To account for these changes in technology and production, many organizations today have adopted an overhead allocation method known as activity-based costing (ABC). This chapter will explain the transition to ABC and provide a foundation in its mechanics. Standard costs need to account for overhead (the miscellaneous costs of running a business) in addition to direct materials and direct labor. Overhead is much more difficult to measure than direct materials or direct labor standards because overhead consists of indirect materials, indirect labor, and other costs not easily traced to units produced. The departmental overhead rate is an expense rate calculated for each department in a factory production process.


Allocating overheads to jobs or units refers to assigning expenses to the job or unit that causes them. The Overhead Rate represents the proportion of a company’s revenue allocated to overhead costs, directly affecting its profit margins. Notice that the total gross profit remains the same no matter how we allocated fixed manufacturing overhead to product lines. The department factory overhead rate is $155 per direct labor hour in the Cutting Department and $236 per direct labor hour in the Assembly Department, determined as follows. Even small business owners will benefit from knowing what their indirect costs are and how they impact the business. This means that for every dollar of direct labor, Joe’s manufacturing company incurs $1.21 in overhead costs.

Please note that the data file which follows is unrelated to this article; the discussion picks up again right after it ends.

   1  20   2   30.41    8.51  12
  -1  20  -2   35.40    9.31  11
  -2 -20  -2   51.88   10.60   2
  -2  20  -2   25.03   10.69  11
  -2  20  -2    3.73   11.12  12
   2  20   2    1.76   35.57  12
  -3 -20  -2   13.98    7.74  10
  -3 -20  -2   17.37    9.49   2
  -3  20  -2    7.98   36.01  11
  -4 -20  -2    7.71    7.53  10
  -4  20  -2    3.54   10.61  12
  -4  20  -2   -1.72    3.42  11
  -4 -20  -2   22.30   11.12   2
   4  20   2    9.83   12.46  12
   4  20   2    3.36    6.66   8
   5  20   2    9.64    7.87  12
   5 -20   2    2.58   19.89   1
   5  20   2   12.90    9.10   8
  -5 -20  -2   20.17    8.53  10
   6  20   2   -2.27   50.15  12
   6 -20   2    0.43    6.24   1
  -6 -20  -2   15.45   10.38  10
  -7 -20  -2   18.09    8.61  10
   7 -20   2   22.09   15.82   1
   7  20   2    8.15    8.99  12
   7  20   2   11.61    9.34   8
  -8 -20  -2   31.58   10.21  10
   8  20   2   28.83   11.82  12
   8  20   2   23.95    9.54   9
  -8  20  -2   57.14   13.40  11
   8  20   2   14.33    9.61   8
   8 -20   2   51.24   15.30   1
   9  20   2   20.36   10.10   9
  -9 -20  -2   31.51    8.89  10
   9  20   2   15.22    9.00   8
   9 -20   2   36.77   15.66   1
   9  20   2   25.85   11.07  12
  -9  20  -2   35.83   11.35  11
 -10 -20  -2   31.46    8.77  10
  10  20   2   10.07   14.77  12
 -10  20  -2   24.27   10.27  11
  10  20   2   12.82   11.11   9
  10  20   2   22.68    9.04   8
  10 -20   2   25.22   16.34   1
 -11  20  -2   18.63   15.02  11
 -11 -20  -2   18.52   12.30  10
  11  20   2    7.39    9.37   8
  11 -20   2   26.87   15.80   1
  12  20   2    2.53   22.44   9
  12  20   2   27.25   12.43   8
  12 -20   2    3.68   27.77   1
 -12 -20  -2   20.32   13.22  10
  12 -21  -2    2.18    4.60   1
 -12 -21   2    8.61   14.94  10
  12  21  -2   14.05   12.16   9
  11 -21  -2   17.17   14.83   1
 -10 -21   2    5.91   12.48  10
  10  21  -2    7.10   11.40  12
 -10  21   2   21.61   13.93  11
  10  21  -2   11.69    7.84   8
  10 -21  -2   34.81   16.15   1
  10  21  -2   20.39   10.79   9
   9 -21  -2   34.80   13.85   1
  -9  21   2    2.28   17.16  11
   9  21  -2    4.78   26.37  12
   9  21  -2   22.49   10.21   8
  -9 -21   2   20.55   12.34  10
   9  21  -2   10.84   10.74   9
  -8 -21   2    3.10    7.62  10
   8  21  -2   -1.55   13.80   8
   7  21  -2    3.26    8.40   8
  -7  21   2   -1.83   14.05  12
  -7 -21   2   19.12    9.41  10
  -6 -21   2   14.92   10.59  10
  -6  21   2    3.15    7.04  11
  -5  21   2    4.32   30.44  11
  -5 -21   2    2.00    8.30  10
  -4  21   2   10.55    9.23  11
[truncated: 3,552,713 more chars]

Other overhead costs may include advertising, office supplies, legal fees, and insurance. You can also simplify overhead cost tracking through FreshBooks accounting software to provide real-time data on your business finances. Click here to sign up for your free trial today and discover how FreshBooks can support your small business growth. The estimated or actual cost of labor is calculated by dividing overhead by direct wages and expressed as a percentage.

Advantages & Disadvantages of Job Order Costing & Process Costing

It is often difficult to assess precisely the amount of overhead costs that should be attributed to each production process. Costs must thus be estimated based on an overhead rate for each cost driver or activity. It is important to include indirect costs that are based on this overhead rate in order to price a product or service appropriately.